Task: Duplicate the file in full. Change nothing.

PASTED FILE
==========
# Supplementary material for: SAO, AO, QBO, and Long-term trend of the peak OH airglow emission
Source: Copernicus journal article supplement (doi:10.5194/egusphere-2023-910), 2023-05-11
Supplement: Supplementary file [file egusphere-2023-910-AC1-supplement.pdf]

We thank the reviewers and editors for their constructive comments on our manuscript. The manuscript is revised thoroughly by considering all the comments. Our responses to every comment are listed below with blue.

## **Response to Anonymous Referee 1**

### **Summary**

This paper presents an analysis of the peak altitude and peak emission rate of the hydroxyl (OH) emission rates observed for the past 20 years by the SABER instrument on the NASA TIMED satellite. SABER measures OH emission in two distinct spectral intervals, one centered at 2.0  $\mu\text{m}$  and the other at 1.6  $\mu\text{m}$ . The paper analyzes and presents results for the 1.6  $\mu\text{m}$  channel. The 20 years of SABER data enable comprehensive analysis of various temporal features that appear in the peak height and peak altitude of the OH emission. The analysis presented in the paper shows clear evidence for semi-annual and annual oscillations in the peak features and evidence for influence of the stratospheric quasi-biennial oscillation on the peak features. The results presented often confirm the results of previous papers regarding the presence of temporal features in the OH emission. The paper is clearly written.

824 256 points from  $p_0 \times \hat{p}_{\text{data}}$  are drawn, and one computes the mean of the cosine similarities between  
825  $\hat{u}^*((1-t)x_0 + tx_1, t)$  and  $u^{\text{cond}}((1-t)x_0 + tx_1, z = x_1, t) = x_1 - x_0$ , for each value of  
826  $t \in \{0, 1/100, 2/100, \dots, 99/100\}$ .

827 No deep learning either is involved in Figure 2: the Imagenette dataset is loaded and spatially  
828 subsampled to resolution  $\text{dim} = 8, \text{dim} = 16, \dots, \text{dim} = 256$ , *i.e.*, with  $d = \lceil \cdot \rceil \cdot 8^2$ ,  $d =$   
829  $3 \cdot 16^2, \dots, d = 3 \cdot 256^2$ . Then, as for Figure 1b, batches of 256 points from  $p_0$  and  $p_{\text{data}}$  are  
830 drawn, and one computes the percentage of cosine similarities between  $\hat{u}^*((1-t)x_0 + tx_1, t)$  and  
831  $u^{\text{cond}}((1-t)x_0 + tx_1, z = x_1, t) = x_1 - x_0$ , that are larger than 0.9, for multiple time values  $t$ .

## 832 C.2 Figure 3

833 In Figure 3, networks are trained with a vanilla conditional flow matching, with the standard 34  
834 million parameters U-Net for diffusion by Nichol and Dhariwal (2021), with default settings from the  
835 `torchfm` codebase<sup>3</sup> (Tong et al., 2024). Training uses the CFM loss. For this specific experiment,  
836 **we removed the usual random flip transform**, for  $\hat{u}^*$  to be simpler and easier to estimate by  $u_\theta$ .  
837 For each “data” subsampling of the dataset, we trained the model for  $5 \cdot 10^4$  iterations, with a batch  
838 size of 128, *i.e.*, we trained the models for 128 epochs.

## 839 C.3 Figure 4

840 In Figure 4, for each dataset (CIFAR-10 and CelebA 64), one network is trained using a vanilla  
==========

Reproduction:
# Supplementary material for: SAO, AO, QBO, and Long-term trend of the peak OH airglow emission
Source: Copernicus journal article supplement (doi:10.5194/egusphere-2023-910), 2023-05-11
Supplement: Supplementary file [file egusphere-2023-910-AC1-supplement.pdf]

We thank the reviewers and editors for their constructive comments on our manuscript. The manuscript is revised thoroughly by considering all the comments. Our responses to every comment are listed below with blue.

## **Response to Anonymous Referee 1**

### **Summary**

This paper presents an analysis of the peak altitude and peak emission rate of the hydroxyl (OH) emission rates observed for the past 20 years by the SABER instrument on the NASA TIMED satellite. SABER measures OH emission in two distinct spectral intervals, one centered at 2.0  $\mu\text{m}$  and the other at 1.6  $\mu\text{m}$ . The paper analyzes and presents results for the 1.6  $\mu\text{m}$  channel. The 20 years of SABER data enable comprehensive analysis of various temporal features that appear in the peak height and peak altitude of the OH emission. The analysis presented in the paper shows clear evidence for semi-annual and annual oscillations in the peak features and evidence for influence of the stratospheric quasi-biennial oscillation on the peak features. The results presented often confirm the results of previous papers regarding the presence of temporal features in the OH emission. The paper is clearly written.

824 256 points from  $p_0 \times \hat{p}_{\text{data}}$  are drawn, and one computes the mean of the cosine similarities between  
825  $\hat{u}^*((1-t)x_0 + tx_1, t)$  and  $u^{\text{cond}}((1-t)x_0 + tx_1, z = x_1, t) = x_1 - x_0$ , for each value of  
826  $t \in \{0, 1/100, 2/100, \dots, 99/100\}$ .

827 No deep learning either is involved in Figure 2: the Imagenette dataset is loaded and spatially  
828 subsampled to resolution  $\text{dim} = 8, \text{dim} = 16, \dots, \text{dim} = 256$ , *i.e.*, with  $d = \lceil \cdot \rceil \cdot 8^2$ ,  $d =$   
829  $3 \cdot 16^2, \dots, d = 3 \cdot 256^2$ . Then, as for Figure 1b, batches of 256 points from  $p_0$  and  $p_{\text{data}}$  are  
830 drawn, and one computes the percentage of cosine similarities between  $\hat{u}^*((1-t)x_0 + tx_1, t)$  and  
831  $u^{\text{cond}}((1-t)x_0 + tx_1, z = x_1, t) = x_1 - x_0$ , that are larger than 0.9, for multiple time values  $t$ .

## 832 C.2 Figure 3

833 In Figure 3, networks are trained with a vanilla conditional flow matching, with the standard 34  
834 million parameters U-Net for diffusion by Nichol and Dhariwal (2021), with default settings from the  
835 `torchfm` codebase<sup>3</sup> (Tong et al., 2024). Training uses the CFM loss. For this specific experiment,  
836 **we removed the usual random flip transform**, for  $\hat{u}^*$  to be simpler and easier to estimate by  $u_\theta$ .  
837 For each “data” subsampling of the dataset, we trained the model for  $5 \cdot 10^4$  iterations, with a batch  
838 size of 128, *i.e.*, we trained the models for 128 epochs.

## 839 C.3 Figure 4

840 In Figure 4, for each dataset (CIFAR-10 and CelebA 64), one network is trained using a vanilla  